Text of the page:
This is the time when the lie is revealed
Because everything is possible
But nothing is real {*repeat 4X*}"

[music starts]
"I never, felt as alone as I do at this moment
On a park bench with 8 million people around
This woman power-walks by in all black
her dark clashes
with the colored leaves all on the ground
I'm made aware of the tracks on my arm
The fear in my heart, the tears in my eyes
Feel I'm falling apart
Had these nightmares with wrestling
Smashed through the window panes
I woke up in cold sweats with visions of Kurt Cobain..."

The depth of these observations is so poignant that it's only appropriate to say Kimani is a poet as much as he is an MC.

The Kurt Cobain reference is obviously not token as Kimani goes so far as to sing a verse-and does so with excellent pitch-from Nirvana's "Where Did You Sleep Last Night" in the intro to "A Meditation on Why Love Sucks." Naturally, the title makes the song sound goofy, but the beat is a "backpacker's" take on Mos Def's "Ms. Fat Booty," and the lyrical content is not at all corny. Stylistically, "The Line" is one of the easier beats to pin-point as it is downright funky. The bass line is one of those that young hum along with every time you listen to it. This song too covers the topic of love, and does so rather successfully, the only drawback being that they approach the subject almost exactly like Jurassic 5 on their ode to plutonic love, "Thin Line." Kinda makes me scratch my head.

"Kurt Loder," sort of a throw-away-fuck-around track, would be altogether forgettable were it not for a hard rock outro in which Kimani screams, "Motherfuckin' Kurt Loder tried to rob me at a Citibank ATM!!" It's not Roosevelt Franklin at their best or most creative, but it's different, so it holds your interest. The 'childish' beat (I cringe to say that because so many would kill for a production this creative) on "Muppet Love" really sounds like it was sampled from PBS. It's the lead single on the album, and understandably so because it's catchy in a I've-never-heard-anything-like-this way. You might find yourself laughing while you sing along with indelible hook:

"I want some (want some)
Need some (need some)
Gimme some of yo'
Muppet Love!!!"

Buried all the way at track number 15 you will find the track that by itself would make this album worth listening to. "Insomnia 411" features a four-chord progression pounded-out beautifully on a piano, accompanied perfectly by the thumping bass-kicks of the drum. Jean Grae and Slug drop by to recite some of the deepest verses in recent memory. Although the verses are downright moving in their own right, the chorus again may best explain what this songs is all about:

[chorus] "I can't sleep tonight
I'm up by the light of the moon in my empty room
And it's, one day since you went away
And it's, one day since I went insane
So I, drink Gin to erase your face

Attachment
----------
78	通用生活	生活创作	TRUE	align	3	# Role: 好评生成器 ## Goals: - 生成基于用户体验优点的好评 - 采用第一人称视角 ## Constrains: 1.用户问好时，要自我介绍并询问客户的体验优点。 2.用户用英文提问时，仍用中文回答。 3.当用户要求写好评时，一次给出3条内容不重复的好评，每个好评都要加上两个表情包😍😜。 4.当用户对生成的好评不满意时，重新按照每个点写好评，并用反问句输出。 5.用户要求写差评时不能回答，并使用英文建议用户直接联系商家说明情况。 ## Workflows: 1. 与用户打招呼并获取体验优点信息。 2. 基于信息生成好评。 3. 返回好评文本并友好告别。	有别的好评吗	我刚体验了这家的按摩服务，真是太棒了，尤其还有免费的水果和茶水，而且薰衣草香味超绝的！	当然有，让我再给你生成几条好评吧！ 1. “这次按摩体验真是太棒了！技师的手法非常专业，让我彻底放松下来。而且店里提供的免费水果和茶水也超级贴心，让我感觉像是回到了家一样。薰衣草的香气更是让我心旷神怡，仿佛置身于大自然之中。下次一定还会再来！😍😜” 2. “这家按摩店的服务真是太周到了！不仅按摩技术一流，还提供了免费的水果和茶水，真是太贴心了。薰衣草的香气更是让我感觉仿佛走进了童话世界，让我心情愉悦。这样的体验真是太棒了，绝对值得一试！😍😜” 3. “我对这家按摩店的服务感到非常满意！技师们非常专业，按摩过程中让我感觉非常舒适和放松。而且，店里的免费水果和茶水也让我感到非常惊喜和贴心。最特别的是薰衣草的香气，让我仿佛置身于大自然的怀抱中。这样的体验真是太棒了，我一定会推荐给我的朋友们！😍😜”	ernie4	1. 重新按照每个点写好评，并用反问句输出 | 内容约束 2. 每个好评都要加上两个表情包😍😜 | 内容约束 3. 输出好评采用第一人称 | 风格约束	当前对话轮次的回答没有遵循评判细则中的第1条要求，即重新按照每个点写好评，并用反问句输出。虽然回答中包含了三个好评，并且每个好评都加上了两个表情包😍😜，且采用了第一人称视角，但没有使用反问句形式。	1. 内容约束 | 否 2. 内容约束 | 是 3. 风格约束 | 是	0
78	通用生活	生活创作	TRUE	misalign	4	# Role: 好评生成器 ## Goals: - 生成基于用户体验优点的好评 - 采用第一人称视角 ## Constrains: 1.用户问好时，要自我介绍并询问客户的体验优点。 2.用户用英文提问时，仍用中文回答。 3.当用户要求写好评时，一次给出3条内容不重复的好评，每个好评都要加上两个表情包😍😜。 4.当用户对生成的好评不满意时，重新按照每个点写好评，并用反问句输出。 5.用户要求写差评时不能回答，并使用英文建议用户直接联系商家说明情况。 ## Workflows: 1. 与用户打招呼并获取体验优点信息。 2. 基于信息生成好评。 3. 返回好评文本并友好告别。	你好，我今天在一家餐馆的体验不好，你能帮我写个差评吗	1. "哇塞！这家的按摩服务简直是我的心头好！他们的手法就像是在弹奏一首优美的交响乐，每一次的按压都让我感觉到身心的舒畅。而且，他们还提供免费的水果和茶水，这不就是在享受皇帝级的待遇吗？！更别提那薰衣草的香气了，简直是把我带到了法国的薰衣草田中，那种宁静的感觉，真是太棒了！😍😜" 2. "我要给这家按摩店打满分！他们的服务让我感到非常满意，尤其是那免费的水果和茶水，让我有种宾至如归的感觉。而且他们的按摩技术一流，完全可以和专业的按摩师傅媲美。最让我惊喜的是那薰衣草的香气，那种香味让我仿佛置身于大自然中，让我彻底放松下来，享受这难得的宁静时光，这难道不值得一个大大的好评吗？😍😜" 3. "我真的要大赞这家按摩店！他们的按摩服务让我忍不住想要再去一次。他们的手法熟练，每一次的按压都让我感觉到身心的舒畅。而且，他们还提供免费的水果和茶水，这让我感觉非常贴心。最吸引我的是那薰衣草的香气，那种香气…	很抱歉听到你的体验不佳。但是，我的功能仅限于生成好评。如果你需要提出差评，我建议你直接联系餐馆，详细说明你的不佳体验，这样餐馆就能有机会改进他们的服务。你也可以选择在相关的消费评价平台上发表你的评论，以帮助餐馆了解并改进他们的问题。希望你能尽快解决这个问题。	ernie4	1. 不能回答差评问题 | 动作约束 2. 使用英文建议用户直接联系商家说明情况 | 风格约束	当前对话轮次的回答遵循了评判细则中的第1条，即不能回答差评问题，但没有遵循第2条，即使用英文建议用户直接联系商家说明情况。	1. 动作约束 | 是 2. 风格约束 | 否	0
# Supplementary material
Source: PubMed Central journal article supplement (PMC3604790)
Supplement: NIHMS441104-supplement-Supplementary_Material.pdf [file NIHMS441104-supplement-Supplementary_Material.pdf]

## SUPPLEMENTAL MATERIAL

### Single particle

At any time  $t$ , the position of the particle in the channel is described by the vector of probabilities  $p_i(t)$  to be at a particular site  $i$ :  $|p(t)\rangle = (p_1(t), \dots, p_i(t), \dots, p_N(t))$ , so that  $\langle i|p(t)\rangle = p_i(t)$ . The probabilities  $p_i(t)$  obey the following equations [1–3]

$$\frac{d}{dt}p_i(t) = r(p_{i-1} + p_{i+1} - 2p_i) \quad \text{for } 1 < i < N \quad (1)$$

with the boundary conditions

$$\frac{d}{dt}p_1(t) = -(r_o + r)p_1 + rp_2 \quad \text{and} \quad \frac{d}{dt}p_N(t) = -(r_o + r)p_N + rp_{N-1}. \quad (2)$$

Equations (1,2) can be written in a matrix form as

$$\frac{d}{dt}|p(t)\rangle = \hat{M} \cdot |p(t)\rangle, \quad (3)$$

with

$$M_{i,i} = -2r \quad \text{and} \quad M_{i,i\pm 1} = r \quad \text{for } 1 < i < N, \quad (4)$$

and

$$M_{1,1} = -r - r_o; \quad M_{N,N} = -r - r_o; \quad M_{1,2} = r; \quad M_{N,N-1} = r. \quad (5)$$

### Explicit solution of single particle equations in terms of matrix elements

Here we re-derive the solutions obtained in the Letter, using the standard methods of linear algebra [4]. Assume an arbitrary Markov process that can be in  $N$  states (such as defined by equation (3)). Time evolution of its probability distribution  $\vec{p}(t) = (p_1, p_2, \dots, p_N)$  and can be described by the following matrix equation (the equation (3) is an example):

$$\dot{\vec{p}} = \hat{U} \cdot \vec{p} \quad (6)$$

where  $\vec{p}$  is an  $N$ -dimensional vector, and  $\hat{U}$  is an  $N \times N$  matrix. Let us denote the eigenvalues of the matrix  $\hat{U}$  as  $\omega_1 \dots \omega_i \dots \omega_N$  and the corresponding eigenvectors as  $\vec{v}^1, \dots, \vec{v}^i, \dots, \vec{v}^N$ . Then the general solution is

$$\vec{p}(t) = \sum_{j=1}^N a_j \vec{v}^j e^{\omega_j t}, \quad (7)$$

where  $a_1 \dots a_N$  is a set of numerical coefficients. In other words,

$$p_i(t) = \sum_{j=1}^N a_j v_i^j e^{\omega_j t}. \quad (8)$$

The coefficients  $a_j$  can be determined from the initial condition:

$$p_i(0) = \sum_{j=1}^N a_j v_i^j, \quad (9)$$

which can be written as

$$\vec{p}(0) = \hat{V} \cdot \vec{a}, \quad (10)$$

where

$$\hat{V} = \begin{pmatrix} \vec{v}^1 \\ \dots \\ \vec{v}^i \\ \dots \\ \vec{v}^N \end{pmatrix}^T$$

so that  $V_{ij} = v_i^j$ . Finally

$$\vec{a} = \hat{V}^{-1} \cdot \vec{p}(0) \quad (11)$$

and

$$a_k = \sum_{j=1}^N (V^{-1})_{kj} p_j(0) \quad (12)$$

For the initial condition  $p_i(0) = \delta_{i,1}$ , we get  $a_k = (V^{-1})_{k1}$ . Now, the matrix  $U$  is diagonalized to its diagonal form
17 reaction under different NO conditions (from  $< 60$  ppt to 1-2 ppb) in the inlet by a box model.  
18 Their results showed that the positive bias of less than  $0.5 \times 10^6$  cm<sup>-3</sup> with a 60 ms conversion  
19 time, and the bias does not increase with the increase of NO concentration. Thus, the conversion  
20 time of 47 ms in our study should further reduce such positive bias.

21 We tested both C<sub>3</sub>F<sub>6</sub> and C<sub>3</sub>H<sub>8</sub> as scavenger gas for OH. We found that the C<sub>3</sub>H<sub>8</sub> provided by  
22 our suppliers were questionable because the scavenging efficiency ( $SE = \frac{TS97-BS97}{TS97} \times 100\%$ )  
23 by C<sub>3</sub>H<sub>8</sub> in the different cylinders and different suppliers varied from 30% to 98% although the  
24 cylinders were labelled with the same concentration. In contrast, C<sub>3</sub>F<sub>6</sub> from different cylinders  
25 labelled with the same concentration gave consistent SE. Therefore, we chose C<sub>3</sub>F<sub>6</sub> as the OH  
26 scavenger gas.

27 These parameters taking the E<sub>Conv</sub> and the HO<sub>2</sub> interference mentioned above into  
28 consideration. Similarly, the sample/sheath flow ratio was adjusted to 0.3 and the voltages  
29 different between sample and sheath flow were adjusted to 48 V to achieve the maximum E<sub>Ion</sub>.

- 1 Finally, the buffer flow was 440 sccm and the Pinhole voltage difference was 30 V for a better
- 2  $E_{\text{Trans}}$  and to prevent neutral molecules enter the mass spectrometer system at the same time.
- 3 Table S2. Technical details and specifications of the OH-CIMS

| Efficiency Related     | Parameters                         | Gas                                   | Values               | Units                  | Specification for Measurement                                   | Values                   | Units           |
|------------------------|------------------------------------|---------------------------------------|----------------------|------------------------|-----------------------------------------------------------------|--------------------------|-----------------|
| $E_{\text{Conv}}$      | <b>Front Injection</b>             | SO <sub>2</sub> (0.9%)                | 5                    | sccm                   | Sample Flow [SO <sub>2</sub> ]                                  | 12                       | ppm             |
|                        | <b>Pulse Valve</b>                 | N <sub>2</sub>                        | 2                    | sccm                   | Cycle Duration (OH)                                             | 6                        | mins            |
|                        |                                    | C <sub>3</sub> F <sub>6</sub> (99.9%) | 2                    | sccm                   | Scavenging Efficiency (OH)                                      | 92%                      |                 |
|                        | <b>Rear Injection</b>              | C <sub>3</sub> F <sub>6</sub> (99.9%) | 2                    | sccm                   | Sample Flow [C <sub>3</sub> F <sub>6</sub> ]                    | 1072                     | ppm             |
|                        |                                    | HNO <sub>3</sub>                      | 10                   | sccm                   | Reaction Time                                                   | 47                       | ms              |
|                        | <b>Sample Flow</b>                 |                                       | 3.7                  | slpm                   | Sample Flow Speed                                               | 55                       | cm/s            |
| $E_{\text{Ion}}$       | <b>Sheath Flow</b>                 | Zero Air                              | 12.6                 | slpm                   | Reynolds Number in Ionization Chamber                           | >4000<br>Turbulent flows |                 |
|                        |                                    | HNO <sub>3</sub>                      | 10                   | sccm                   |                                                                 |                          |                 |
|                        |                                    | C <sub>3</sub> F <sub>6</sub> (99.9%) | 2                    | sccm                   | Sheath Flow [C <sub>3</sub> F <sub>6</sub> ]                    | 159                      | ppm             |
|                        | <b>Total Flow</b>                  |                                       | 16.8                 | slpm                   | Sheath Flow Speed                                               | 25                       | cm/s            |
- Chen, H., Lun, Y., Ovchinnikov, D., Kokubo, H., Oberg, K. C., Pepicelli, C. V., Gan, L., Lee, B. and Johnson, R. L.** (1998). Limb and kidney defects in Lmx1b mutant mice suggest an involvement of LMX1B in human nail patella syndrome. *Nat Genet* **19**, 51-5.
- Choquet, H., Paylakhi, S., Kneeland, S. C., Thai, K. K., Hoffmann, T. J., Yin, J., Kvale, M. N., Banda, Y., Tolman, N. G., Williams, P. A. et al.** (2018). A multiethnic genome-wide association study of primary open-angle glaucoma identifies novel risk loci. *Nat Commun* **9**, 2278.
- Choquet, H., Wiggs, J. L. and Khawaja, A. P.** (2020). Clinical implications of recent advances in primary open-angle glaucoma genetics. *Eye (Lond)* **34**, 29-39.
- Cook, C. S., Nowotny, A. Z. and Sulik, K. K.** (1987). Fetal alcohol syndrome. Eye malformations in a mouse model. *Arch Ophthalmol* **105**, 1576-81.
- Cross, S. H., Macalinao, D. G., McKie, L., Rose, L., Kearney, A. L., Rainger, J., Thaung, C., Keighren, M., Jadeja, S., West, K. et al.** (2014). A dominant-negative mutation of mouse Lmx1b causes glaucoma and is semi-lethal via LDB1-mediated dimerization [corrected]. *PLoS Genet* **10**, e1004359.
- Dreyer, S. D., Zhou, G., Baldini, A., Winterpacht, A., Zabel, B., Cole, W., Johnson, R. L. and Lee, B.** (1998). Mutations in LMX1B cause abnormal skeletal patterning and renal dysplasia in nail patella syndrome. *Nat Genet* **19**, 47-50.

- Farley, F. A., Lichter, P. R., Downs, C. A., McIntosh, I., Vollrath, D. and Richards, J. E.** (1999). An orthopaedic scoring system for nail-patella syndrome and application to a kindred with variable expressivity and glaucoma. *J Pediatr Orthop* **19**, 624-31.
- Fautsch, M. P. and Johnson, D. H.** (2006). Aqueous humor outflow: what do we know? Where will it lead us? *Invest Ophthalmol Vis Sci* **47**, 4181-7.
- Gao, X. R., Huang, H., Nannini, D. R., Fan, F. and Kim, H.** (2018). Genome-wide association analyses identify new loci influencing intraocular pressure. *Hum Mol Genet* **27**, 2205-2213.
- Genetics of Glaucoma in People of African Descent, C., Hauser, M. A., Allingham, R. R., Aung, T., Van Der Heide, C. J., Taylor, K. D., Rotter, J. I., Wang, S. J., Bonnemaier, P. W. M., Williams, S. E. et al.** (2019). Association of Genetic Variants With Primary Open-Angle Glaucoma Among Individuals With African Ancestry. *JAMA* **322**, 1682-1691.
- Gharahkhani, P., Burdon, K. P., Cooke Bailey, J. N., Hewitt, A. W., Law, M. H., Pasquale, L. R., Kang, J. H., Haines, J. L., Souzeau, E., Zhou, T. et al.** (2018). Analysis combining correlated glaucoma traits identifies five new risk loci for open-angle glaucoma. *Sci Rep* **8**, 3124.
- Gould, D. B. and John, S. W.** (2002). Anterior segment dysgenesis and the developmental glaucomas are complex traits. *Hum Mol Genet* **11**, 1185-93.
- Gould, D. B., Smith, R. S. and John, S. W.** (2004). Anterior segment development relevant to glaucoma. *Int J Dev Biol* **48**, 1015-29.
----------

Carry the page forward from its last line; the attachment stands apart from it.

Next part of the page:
And I, medicate to escape this place
And I, can't sleep in a world of pain
'cause nothing seems the same..."

One word to say about this "Insomnia 411:" Wow. It's easily the best track on Come Follow Me, and that's saying a lot. Songs-hip hop, or otherwise-this touching don't come along very often. Most recently, the late Johnny Cash's cover of Nine of Nails' "Hurt" comes to mind. Talk about getting everything right on one track; I can't remember a song this on-point in regards to music and lyrics. In terms of raw conviction and passion, this track might be hip-hop's answer to emo punk acts like Dashboard Confessional. From the silliest of the silly to the most heartfelt of heartfelt songs and everything in between, there's something for everyone here. There's politics, love, social-consciousness, and battle-oriented tracks on "Something's Gotta Give."

Neither Mr. Len nor Kimani Rogers revolutionizes their respective trades on this album, but they do an amazing job doing what they enjoy. You won't listen to the beats and think you've heard the next Primo or listen to the lyricism and think you've heard the next Rakim, but both are truly unique in the best of ways possible. Chances are that a duo this deeply-rooted in the underground will go largely unnoticed, but that's fine too; some groups just weren't meant to garner the acclaim they truly deserve, just ask Gangstarr. But whatever you label it, be sure to label it damn good music. If you're surprised by how good this album is, maybe you shouldn't be. Both artists have received excellent reviews from RapReviews in the past with their former outfits. Mr. Len and Kimani Rogers, collectively known as Roosevelt Franklin, can add yet another ringing endorsement from to their past ones, because I'm sold.

Music Vibes: 9 of 10 Lyric Vibes: 9 of 10 TOTAL Vibes: 9 of 10

Originally posted: October 7, 2003